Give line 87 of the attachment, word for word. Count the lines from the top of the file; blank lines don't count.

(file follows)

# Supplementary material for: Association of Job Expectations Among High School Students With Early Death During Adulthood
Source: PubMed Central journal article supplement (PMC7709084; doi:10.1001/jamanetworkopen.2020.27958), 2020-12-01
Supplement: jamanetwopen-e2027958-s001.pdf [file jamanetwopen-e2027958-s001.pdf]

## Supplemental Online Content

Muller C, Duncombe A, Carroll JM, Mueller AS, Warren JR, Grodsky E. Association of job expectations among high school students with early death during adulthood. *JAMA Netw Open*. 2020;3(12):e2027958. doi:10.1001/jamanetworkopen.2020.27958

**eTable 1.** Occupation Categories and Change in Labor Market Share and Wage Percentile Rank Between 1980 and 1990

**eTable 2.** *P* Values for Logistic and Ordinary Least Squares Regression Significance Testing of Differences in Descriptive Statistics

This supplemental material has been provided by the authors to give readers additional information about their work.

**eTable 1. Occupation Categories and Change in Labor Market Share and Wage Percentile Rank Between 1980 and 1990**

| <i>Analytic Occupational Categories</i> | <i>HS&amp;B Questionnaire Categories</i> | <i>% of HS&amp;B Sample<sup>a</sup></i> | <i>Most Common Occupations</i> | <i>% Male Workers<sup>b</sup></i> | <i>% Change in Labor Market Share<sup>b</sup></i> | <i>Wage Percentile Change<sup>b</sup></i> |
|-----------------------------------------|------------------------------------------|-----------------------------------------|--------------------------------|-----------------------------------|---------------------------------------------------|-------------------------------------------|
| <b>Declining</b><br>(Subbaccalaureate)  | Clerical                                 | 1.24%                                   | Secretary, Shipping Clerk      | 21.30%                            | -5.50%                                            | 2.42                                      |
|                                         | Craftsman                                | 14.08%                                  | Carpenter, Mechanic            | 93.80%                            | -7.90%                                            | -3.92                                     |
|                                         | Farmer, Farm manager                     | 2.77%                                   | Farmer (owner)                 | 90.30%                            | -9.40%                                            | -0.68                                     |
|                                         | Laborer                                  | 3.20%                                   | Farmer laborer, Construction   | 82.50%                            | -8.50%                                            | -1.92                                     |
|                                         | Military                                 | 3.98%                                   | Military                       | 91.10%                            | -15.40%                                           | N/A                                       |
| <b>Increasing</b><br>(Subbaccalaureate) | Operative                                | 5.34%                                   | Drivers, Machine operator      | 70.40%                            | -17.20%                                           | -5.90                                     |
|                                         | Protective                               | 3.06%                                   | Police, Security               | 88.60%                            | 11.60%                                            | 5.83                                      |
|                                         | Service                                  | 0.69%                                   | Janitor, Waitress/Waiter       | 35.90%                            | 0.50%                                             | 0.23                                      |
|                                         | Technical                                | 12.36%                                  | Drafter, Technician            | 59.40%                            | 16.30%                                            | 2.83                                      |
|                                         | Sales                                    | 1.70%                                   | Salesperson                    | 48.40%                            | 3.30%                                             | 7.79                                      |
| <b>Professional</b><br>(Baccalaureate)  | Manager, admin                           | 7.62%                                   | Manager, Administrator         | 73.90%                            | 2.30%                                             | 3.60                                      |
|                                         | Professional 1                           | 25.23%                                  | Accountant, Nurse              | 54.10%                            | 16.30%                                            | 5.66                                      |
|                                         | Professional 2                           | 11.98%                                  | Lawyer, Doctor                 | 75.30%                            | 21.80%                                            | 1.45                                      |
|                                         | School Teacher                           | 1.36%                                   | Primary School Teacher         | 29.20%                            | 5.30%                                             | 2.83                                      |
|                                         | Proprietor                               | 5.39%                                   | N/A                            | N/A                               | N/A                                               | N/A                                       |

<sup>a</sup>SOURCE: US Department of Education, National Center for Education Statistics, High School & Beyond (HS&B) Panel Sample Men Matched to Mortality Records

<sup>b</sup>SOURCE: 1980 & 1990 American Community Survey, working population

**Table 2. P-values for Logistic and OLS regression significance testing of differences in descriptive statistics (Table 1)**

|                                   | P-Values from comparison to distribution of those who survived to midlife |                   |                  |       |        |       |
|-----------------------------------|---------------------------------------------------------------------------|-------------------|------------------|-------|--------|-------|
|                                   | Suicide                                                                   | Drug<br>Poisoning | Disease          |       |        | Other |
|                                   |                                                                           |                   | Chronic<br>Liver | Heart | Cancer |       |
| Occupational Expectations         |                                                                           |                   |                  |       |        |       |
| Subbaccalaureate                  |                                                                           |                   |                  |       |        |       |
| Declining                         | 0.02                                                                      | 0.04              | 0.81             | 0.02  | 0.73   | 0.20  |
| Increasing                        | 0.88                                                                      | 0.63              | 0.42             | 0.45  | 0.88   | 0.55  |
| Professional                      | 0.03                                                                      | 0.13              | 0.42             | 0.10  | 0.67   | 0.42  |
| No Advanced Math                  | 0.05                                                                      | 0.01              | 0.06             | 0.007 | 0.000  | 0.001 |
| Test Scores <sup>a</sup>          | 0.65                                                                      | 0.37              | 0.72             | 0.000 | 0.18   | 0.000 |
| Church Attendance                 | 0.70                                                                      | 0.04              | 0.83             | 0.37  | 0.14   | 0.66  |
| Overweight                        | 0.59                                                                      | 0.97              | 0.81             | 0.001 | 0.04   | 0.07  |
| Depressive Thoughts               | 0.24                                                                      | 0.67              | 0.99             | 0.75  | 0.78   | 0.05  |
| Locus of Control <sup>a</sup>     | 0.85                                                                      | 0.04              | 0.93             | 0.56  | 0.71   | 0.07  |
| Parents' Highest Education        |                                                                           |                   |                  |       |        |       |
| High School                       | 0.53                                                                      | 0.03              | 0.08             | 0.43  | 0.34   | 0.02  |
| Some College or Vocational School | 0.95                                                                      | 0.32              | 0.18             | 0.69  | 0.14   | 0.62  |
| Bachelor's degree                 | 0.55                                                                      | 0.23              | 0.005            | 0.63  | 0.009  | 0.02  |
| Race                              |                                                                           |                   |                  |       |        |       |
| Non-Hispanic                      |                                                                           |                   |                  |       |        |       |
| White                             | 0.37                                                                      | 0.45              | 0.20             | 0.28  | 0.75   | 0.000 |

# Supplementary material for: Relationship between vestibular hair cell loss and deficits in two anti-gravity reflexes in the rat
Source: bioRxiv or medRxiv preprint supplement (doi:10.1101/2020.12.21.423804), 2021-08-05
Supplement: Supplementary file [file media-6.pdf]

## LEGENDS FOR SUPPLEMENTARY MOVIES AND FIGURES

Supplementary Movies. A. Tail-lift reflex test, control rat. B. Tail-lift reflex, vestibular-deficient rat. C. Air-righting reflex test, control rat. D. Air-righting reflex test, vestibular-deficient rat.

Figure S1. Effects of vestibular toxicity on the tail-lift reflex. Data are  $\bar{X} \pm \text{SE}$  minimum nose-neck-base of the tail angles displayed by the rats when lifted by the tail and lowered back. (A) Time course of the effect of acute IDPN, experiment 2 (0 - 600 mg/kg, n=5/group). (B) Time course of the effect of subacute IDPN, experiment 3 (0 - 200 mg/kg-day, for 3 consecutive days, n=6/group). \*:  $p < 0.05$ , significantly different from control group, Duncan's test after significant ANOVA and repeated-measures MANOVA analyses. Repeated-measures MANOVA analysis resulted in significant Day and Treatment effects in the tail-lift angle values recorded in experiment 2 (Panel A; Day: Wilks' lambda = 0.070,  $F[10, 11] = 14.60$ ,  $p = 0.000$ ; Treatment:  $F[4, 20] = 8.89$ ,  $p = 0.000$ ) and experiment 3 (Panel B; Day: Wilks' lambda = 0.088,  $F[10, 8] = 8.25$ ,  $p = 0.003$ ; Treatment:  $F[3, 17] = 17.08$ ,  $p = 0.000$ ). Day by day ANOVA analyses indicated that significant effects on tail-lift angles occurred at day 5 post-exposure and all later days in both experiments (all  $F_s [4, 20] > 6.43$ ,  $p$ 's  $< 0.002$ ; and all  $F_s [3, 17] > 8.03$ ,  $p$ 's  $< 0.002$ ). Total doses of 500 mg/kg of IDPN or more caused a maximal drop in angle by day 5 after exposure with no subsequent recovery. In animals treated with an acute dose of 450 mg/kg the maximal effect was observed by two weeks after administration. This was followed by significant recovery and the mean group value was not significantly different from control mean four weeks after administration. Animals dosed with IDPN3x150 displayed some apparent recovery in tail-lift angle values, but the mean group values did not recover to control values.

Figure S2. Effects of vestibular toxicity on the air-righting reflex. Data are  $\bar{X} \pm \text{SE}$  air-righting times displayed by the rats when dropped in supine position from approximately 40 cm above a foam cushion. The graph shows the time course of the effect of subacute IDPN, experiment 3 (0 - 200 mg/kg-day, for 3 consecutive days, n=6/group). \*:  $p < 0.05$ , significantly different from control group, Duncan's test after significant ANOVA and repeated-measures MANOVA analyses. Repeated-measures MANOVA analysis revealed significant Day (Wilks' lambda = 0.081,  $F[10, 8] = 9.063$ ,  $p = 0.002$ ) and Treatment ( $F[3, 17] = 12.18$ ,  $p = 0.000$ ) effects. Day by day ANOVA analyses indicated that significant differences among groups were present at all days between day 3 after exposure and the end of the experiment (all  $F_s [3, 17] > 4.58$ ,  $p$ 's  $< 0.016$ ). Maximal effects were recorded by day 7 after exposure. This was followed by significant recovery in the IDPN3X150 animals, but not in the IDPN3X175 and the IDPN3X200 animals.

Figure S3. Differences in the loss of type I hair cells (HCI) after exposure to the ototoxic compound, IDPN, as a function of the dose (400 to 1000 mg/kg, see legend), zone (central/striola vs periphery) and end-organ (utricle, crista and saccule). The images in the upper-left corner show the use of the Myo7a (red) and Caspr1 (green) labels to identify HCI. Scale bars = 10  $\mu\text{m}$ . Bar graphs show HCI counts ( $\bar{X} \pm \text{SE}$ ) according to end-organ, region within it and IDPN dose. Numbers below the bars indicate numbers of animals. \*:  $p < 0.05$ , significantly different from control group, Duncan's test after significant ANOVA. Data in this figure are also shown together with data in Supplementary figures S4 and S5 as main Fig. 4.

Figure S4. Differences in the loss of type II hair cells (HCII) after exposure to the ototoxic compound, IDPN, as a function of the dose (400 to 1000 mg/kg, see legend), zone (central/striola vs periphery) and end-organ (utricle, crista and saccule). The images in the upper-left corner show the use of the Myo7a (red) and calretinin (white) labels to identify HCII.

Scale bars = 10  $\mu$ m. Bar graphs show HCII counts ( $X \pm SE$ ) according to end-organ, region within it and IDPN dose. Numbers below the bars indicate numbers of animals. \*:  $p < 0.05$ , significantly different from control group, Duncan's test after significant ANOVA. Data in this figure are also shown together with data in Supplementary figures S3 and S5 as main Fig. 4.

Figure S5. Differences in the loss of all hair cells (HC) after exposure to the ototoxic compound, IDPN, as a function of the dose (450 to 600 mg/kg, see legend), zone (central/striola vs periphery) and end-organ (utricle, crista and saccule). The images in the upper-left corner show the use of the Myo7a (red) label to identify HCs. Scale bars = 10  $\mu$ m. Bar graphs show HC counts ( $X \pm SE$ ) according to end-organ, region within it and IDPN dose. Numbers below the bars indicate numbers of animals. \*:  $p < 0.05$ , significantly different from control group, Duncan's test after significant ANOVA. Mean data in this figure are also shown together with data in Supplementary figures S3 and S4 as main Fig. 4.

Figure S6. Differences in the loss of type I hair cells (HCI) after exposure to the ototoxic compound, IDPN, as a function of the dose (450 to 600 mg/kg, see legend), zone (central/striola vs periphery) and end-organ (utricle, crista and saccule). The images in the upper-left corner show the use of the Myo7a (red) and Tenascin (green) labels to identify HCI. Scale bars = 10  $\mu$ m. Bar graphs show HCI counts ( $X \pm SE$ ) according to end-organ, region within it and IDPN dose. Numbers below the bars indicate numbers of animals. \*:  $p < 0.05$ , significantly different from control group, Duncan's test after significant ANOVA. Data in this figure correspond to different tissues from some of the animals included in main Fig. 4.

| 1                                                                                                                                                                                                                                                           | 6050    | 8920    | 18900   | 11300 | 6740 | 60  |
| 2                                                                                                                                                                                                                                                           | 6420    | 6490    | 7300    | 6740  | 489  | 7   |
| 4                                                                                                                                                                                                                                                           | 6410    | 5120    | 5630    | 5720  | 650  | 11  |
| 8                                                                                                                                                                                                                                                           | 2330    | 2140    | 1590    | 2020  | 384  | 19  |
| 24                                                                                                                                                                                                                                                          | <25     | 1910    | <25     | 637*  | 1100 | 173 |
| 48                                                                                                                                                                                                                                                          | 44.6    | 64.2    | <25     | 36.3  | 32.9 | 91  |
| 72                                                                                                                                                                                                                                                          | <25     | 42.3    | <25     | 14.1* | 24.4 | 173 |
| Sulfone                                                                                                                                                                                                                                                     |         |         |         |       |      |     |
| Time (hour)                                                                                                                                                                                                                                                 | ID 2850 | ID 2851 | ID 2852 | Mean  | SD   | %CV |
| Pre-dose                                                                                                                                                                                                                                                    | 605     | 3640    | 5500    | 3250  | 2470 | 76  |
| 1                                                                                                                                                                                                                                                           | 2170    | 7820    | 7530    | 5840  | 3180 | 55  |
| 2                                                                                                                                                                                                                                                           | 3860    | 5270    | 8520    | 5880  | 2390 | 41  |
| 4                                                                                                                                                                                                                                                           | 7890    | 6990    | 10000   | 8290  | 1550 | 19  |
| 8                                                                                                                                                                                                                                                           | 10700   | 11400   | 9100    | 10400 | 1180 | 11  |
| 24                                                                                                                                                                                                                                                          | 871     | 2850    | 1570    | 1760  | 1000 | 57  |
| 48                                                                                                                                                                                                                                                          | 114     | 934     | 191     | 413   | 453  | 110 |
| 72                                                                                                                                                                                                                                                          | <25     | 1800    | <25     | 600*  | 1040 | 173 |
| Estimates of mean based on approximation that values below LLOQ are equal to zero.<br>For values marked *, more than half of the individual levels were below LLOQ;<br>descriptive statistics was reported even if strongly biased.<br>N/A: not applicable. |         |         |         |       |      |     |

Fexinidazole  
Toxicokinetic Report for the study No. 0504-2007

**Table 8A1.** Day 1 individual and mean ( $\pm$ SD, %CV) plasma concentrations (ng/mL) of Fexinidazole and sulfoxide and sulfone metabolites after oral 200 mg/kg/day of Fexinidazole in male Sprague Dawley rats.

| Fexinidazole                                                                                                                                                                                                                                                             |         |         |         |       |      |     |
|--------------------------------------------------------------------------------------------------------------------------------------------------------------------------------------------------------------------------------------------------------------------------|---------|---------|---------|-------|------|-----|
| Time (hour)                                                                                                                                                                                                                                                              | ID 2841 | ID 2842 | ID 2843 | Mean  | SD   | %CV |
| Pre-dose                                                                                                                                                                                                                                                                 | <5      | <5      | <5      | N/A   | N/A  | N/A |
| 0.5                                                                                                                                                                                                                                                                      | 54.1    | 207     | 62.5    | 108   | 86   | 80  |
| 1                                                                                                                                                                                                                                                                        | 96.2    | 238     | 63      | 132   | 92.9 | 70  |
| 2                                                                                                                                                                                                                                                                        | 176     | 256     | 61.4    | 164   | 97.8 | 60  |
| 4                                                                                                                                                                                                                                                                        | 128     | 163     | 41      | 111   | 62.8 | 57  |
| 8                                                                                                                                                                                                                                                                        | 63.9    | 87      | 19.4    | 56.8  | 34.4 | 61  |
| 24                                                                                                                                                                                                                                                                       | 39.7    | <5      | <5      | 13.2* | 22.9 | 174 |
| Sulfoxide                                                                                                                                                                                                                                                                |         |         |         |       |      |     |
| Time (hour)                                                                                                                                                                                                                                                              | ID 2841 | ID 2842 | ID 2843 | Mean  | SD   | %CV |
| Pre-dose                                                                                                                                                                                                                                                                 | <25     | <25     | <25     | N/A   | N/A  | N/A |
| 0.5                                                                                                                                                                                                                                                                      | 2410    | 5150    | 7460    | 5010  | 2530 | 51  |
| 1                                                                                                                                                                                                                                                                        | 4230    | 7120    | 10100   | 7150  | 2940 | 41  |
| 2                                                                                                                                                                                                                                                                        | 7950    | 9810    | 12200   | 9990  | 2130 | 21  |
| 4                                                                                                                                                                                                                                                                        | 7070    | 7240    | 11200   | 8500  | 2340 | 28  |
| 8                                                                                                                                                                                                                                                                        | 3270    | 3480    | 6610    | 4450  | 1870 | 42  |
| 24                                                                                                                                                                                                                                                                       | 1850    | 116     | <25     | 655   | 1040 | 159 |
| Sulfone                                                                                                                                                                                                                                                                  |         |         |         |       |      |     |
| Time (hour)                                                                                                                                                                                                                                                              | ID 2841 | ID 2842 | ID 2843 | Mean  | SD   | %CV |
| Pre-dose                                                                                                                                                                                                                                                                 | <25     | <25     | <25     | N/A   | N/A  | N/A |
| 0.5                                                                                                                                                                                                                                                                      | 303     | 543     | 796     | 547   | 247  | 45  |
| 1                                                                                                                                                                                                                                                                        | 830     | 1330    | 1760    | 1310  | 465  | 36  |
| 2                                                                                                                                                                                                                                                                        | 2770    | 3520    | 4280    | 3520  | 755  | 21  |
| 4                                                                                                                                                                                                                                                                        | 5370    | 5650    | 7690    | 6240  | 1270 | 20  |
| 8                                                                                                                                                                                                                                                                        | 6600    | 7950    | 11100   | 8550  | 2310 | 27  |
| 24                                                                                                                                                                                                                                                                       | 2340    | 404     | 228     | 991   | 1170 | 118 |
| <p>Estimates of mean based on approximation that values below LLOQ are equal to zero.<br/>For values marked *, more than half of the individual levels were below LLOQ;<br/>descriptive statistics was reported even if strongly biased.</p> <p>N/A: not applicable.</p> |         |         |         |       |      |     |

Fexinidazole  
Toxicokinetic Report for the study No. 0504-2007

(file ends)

| Time (hour)                                                                                                                                                                                                                                                              | ID 2841 | ID 2842 | ID 2843 | Mean  | SD   | %CV |